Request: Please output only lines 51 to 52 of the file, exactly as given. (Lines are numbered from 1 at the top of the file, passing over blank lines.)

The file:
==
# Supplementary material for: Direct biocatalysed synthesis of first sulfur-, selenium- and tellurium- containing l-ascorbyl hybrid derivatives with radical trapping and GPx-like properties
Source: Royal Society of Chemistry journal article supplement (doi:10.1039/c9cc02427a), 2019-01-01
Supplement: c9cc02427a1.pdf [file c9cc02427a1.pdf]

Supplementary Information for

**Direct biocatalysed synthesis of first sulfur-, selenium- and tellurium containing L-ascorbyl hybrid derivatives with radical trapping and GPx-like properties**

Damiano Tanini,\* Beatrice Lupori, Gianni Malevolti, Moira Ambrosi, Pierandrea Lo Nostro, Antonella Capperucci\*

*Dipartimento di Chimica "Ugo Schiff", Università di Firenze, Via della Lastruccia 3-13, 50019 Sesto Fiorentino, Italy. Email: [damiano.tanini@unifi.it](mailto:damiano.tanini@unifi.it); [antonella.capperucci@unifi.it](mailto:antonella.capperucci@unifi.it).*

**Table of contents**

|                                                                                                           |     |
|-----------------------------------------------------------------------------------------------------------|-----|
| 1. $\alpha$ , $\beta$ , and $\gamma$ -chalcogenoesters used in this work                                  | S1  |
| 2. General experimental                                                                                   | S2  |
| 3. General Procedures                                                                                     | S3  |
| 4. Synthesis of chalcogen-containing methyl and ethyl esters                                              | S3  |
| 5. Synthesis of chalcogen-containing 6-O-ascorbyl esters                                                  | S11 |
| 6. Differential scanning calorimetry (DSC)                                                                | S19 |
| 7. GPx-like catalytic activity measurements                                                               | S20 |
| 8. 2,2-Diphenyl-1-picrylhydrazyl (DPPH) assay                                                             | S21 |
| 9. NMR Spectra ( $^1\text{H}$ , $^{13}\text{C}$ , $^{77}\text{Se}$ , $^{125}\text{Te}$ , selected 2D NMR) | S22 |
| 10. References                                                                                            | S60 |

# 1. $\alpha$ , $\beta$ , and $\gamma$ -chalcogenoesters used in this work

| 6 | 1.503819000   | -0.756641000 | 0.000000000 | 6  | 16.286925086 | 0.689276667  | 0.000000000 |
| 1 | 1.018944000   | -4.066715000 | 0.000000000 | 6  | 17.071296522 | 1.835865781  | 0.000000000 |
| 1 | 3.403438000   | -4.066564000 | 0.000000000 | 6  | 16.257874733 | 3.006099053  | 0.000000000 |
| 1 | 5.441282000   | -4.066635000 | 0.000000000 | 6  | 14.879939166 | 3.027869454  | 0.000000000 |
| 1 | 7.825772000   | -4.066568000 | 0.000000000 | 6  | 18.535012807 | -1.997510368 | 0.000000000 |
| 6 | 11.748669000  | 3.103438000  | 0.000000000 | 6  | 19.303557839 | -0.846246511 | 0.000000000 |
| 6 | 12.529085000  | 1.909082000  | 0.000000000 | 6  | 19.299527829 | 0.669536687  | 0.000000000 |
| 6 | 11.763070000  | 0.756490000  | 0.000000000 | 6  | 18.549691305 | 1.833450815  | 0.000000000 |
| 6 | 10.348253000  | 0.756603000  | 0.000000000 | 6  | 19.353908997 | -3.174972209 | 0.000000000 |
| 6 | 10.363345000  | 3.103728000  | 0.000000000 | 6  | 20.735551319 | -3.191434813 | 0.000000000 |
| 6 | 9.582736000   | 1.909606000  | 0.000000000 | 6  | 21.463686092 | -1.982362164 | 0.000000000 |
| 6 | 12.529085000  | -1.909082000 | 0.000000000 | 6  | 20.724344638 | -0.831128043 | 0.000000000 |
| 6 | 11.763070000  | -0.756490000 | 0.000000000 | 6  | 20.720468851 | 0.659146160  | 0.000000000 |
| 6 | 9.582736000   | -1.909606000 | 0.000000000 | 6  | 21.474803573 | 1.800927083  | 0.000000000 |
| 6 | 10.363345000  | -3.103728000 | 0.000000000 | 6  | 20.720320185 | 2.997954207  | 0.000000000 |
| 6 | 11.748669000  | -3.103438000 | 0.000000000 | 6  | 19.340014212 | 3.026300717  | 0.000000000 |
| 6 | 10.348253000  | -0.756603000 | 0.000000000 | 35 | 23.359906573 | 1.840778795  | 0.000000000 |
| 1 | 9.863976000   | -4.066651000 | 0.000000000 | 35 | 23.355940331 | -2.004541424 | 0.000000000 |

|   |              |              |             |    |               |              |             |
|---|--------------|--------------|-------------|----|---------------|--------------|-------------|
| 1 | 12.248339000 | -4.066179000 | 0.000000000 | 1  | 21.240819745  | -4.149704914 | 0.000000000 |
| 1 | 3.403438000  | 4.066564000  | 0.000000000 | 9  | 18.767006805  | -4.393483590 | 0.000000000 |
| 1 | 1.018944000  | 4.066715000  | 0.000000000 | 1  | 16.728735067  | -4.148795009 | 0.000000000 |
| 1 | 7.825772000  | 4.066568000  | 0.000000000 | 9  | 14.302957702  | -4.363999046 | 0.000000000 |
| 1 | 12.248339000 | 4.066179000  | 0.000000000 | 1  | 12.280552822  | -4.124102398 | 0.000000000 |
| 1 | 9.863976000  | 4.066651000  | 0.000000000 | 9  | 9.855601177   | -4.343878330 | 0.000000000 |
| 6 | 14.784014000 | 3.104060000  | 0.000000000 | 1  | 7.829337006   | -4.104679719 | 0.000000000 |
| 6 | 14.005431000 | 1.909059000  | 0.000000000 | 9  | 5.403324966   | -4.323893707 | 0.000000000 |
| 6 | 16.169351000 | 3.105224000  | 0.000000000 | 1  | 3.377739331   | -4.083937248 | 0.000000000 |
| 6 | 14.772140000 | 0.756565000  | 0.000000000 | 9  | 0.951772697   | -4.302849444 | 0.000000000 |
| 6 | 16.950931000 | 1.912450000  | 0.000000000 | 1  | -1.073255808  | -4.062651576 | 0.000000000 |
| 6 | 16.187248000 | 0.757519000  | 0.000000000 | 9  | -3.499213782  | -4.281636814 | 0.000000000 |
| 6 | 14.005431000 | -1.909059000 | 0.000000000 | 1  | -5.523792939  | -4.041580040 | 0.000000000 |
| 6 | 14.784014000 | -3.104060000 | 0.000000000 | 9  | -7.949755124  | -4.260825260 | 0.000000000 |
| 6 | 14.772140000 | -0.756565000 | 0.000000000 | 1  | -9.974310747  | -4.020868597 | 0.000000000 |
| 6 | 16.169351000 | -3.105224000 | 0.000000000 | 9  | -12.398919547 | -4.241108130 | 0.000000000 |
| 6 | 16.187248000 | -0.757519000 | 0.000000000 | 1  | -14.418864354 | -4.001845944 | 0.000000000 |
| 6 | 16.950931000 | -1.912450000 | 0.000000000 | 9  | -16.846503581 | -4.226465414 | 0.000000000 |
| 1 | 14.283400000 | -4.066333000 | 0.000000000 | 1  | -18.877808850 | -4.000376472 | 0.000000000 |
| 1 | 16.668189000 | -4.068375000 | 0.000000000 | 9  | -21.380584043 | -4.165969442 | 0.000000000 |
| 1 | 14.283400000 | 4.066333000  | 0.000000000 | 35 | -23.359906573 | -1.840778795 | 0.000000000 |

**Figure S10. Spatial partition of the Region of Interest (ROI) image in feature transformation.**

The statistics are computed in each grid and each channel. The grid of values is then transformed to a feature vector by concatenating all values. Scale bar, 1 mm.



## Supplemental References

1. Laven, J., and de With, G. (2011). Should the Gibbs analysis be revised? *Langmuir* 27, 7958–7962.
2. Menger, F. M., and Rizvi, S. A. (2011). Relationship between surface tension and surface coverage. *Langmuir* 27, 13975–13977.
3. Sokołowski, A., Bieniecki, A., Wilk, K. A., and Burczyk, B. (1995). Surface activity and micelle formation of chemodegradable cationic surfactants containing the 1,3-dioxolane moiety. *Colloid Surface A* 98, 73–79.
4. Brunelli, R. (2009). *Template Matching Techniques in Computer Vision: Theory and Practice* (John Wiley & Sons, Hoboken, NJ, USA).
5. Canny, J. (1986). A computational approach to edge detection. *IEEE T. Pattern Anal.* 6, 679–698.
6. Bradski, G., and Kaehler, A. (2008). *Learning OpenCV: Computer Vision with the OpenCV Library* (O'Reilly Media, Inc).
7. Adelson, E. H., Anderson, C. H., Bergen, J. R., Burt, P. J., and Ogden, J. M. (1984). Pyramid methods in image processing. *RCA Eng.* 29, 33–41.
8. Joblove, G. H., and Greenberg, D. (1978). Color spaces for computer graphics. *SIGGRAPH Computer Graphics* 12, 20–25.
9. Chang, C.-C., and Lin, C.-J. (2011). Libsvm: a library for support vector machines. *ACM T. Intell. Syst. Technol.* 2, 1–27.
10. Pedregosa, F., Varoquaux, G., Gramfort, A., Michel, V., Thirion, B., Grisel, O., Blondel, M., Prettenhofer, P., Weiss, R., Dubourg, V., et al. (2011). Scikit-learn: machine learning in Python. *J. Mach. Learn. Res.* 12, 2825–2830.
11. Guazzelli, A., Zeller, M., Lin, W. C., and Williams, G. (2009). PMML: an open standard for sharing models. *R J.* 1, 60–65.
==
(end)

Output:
| 6 | 14.772140000 | 0.756565000  | 0.000000000 | 9  | 0.951772697   | -4.302849444 | 0.000000000 |
| 6 | 16.950931000 | 1.912450000  | 0.000000000 | 1  | -1.073255808  | -4.062651576 | 0.000000000 |